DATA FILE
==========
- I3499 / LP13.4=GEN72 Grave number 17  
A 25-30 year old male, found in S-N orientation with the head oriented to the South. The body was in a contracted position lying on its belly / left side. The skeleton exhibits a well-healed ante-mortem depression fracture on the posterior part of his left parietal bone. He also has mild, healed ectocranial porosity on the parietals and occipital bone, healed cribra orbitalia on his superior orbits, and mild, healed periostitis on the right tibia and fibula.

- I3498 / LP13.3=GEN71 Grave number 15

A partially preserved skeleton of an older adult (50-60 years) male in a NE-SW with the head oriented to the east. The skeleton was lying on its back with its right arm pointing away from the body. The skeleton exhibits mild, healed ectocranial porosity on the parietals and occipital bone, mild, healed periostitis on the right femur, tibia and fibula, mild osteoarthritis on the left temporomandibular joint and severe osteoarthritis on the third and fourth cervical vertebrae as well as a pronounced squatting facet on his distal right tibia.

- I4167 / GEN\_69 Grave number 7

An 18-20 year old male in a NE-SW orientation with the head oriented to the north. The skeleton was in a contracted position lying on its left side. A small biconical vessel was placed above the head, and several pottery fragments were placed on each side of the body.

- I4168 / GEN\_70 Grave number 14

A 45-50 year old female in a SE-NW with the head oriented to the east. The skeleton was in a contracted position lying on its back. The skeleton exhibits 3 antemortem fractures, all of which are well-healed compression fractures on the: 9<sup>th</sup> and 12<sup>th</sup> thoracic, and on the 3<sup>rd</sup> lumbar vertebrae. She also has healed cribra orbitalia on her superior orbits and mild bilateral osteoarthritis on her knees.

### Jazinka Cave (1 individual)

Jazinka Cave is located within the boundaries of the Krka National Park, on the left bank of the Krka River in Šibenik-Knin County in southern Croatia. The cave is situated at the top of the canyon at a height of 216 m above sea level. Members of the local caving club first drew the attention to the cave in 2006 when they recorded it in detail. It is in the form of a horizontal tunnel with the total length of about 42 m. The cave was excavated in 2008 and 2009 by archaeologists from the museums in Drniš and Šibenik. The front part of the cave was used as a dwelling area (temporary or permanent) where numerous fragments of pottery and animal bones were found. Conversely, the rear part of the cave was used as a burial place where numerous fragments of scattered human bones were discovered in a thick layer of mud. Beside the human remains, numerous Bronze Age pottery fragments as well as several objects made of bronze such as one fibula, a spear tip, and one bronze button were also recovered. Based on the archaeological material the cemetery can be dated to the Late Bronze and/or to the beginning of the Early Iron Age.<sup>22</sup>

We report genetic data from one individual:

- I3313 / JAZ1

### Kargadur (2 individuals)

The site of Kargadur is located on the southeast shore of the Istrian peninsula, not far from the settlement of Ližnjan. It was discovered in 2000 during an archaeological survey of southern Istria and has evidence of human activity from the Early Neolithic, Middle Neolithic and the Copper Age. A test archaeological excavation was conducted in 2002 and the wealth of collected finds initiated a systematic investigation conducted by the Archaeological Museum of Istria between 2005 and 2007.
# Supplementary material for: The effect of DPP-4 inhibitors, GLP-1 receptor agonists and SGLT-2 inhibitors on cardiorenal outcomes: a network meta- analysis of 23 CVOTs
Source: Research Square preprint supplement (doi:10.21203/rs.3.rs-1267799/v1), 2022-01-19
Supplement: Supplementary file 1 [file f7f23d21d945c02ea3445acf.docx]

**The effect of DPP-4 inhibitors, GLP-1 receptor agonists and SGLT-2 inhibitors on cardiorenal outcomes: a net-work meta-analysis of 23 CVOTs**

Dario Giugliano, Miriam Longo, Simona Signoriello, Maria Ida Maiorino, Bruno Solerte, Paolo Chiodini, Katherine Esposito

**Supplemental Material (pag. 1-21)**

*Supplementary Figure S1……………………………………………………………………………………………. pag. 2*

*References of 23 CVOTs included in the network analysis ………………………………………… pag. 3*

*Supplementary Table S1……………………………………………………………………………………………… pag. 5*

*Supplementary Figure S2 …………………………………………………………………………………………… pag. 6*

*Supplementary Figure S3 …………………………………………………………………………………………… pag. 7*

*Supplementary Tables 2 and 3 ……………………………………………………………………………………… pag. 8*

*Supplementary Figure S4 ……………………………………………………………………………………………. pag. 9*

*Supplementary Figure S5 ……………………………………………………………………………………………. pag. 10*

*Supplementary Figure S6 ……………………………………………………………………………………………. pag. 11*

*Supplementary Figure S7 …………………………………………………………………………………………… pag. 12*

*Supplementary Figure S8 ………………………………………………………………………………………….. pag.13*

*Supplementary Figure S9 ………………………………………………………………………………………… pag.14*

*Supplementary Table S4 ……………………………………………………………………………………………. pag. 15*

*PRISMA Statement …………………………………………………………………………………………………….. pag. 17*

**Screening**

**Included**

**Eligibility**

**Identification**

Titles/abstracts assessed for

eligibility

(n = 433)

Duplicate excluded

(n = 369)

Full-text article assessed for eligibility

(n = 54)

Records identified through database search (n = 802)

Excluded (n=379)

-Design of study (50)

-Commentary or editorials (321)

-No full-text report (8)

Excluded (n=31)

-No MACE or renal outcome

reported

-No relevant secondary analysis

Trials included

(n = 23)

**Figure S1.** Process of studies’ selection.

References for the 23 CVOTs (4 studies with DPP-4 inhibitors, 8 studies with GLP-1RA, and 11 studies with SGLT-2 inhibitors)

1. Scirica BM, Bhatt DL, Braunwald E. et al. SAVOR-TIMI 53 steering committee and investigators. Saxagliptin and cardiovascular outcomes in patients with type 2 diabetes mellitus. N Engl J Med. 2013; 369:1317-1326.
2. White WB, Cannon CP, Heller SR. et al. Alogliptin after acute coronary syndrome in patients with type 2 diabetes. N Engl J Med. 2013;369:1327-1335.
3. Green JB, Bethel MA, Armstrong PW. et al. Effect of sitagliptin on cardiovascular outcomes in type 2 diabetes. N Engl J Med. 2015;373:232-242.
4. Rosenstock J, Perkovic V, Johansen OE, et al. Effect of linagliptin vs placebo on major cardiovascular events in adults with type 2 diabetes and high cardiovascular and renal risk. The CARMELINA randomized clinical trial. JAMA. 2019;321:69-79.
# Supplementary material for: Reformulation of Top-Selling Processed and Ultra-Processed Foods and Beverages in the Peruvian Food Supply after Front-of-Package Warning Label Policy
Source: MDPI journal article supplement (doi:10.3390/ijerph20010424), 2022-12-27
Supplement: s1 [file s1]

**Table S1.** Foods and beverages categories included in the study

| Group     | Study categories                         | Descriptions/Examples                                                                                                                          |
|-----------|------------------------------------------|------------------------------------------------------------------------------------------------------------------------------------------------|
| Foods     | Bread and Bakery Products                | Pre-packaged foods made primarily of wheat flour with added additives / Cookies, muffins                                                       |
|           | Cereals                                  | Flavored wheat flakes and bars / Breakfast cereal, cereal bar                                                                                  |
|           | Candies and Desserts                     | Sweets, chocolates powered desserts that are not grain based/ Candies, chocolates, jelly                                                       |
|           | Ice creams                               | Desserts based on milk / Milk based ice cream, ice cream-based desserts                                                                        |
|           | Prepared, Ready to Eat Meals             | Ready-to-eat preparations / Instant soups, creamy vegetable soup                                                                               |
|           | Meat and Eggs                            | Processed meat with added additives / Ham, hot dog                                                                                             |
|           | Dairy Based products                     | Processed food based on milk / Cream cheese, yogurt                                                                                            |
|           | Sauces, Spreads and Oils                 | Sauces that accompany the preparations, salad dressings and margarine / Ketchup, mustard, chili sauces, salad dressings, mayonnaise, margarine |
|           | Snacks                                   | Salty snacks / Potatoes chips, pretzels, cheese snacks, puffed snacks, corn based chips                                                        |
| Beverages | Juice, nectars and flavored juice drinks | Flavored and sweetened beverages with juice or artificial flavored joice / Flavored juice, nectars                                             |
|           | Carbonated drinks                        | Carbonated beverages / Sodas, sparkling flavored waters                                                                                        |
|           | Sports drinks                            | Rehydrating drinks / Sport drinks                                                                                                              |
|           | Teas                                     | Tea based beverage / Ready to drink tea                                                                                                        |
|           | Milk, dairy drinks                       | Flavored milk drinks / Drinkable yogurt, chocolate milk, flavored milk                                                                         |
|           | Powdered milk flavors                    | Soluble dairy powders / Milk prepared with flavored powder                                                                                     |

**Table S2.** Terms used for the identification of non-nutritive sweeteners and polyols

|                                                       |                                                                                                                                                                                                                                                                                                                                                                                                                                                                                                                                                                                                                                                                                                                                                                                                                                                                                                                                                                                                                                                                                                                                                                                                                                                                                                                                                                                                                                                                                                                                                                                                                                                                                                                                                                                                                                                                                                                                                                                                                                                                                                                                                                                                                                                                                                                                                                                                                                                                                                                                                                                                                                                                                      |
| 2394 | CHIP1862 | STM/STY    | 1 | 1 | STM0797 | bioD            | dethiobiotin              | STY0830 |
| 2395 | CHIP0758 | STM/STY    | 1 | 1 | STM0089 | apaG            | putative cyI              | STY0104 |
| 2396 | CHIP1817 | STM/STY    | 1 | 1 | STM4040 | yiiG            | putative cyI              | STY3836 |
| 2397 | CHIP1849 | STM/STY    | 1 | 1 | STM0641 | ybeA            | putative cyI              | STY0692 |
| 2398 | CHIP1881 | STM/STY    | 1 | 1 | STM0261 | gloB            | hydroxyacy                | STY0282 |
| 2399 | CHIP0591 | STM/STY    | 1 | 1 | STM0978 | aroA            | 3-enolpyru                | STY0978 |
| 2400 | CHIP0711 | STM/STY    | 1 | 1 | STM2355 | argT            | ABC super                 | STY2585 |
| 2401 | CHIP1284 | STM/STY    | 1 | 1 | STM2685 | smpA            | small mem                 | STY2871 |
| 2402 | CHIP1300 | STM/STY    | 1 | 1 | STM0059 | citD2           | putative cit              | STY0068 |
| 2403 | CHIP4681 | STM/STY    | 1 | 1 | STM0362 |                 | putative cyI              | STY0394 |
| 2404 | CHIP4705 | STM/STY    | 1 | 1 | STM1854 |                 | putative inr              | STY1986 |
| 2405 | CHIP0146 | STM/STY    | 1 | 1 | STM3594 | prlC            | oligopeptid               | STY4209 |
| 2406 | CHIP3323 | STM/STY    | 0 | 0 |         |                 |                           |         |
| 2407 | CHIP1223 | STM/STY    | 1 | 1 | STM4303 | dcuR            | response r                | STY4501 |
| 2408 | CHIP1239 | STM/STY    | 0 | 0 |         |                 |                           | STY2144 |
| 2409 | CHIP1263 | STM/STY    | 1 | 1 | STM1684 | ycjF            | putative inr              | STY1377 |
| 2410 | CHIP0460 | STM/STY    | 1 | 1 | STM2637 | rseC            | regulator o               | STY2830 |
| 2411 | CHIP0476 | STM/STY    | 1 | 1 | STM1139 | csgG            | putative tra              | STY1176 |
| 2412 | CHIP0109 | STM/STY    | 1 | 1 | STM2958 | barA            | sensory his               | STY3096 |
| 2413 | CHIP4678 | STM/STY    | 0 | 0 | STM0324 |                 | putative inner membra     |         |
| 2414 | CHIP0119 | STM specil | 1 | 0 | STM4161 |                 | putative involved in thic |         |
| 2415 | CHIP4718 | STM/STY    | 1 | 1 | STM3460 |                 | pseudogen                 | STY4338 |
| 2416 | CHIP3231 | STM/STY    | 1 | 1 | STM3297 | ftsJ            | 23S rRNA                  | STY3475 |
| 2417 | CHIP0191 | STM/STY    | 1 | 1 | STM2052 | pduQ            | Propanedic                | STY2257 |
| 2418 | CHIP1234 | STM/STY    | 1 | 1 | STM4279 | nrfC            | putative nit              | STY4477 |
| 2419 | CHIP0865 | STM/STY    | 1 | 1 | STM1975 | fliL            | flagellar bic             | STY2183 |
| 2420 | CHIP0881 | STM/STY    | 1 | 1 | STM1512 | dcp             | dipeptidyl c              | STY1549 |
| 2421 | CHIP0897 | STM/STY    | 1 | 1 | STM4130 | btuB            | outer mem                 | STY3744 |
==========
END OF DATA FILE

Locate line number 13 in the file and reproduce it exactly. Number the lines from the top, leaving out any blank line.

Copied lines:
### Kargadur (2 individuals)